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Sweet Potato Leaves with Eggplant & Butter Beans
Ingredients
Directions
Ingredients
15 oz
dried white butter beans or red speckled butter beans, or 2 (15-ounce) cans, drained
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1 tbsp
plus 2 teaspoons salt, plus more as needed
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2
onions
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2
habanero chiles, stemmed and seeded
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1 tsp
ogiri (a traditional West African stock seasoning similar to miso, made from fermented sesame seeds)
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½ c
water
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10 oz
sustainable West African palm oil or extra-virgin coconut oil
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1 lg
bunch sweet potato leaves, washed and finely sliced, or 2 large bunches tender spinach
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6 oz
fresh okra, finely sliced
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4
eggplants, chopped into bite-size wedges
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Pepper to taste
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Sweet Potato Leaves with Eggplant & Butter Beans

I always see beauty in eating the traditional staples of my homeland, Sierra Leone. I know that every part of the meal is created to produce the most robust of flavors while limiting waste. Whether nourishing, healing, cleansing, or refreshing, my food legacy is one of complete sustenance. Sweet potato leaves are one of the many green leaves, known collectively as plasas, that are prepared and cooked in Sierra Leone as well as across West Africa. As African as you can get, sweet potato leaves signify the transformation of simple ingredients into a wholesome and delicious meal, reminding us as Africans that we shall never lack. In our Krio language it’s known as petehteh leaf, not to be confused with other potato leaves, some of which are inedible and poisonous.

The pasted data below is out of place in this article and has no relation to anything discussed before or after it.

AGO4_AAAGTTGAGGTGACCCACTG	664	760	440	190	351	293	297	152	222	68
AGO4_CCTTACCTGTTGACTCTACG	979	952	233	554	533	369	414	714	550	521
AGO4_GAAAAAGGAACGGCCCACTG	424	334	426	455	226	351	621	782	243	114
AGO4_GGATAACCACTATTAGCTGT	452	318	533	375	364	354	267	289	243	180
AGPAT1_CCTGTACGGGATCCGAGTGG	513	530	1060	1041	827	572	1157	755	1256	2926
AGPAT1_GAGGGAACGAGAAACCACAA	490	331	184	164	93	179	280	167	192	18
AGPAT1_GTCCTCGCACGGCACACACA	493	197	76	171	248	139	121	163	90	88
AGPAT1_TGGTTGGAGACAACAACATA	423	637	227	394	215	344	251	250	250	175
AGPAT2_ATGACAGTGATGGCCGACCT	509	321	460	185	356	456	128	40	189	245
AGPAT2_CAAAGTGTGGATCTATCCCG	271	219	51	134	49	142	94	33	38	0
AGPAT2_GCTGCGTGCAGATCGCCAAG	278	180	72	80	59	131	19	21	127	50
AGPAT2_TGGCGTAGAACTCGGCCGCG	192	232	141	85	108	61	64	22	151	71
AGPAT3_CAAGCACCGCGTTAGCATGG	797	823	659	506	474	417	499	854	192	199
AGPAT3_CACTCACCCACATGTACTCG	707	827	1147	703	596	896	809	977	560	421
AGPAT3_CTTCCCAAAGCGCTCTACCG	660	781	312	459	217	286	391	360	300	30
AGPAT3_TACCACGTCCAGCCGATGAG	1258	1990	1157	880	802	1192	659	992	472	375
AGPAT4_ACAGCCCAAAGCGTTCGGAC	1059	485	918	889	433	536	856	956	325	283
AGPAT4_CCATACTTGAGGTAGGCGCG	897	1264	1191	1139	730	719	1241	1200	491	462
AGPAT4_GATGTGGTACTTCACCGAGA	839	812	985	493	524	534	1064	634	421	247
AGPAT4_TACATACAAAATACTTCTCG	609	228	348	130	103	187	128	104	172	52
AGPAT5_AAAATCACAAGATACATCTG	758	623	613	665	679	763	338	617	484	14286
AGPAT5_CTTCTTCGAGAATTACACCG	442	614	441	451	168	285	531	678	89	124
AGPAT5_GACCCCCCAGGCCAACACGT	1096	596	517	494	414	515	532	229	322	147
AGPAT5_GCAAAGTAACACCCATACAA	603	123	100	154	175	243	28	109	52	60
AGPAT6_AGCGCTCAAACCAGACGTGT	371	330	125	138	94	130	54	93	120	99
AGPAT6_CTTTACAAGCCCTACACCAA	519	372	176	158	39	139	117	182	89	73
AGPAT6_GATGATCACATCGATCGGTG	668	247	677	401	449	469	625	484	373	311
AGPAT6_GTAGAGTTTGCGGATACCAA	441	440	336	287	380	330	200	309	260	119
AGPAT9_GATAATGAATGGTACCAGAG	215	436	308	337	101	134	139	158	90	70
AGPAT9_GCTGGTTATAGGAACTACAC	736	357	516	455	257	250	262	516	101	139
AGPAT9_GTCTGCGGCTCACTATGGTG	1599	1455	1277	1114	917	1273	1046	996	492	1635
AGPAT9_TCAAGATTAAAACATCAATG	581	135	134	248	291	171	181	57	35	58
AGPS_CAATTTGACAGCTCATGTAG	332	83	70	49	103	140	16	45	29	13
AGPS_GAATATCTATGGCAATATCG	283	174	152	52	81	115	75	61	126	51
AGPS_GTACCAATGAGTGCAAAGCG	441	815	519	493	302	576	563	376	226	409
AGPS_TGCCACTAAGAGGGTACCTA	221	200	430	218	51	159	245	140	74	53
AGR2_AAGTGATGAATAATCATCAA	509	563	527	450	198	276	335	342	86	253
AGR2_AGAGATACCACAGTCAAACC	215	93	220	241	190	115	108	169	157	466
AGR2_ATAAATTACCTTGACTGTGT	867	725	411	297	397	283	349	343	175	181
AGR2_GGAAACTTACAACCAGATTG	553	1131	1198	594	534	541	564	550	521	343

Growing up I assumed the potato leaves we ate came from the humble potato, so visiting my father’s farmland and discovering that they were attached to a sweet potato came as a pleasant surprise. When eating good potato leaves we say in Krio, “di petehteh leaves e sweet.” Omitting the very word that embraces the sentiment to this delicious dish always has me wondering why we don’t start calling them sweet potato leaves. They are not as adored as our other staple tuber leaf and national dish, cassava leaves, but they are just as delicious.

4 servings

  1. If using dried beans, soak them overnight in cold water. Add 1 tablespoon of the salt to the water. The next day, drain the water from the beans and rinse. Place the beans in a medium-size pot and add enough cold water to cover along with the remaining 2 teaspoons salt. Bring to a boil and cook at a vigorous simmer for 40 to 60 minutes or until the beans are soft. Drain and rinse with cold water and set aside.
  2. Coarsely chop 1½ of the onions and add to a food processor along with the chiles and ogiri and process until the mixture has reached a medium-smooth consistency. Transfer to a medium-size pot along with the water and oil and bring to a boil on high heat for 6 to 7 minutes or until the onions become translucent. (The ogiri has quite a pungent smell as you cook it, but the smell will recede a bit.)
  3. Lower the heat to medium and add the sweet potato leaves, okra, and eggplant. Stir well so all the leaves are submerged. Cover the pot and cook for 6 to 7 minutes more or until all the vegetables are tender.
  4. Finely slice the remaining ½ onion and add it to the pot along with the beans, combining thoroughly, and cook for an additional 4 minutes. Add salt and pepper to taste. Serve immediately.

Black Food

Edited by Bryant Terry

Book Cover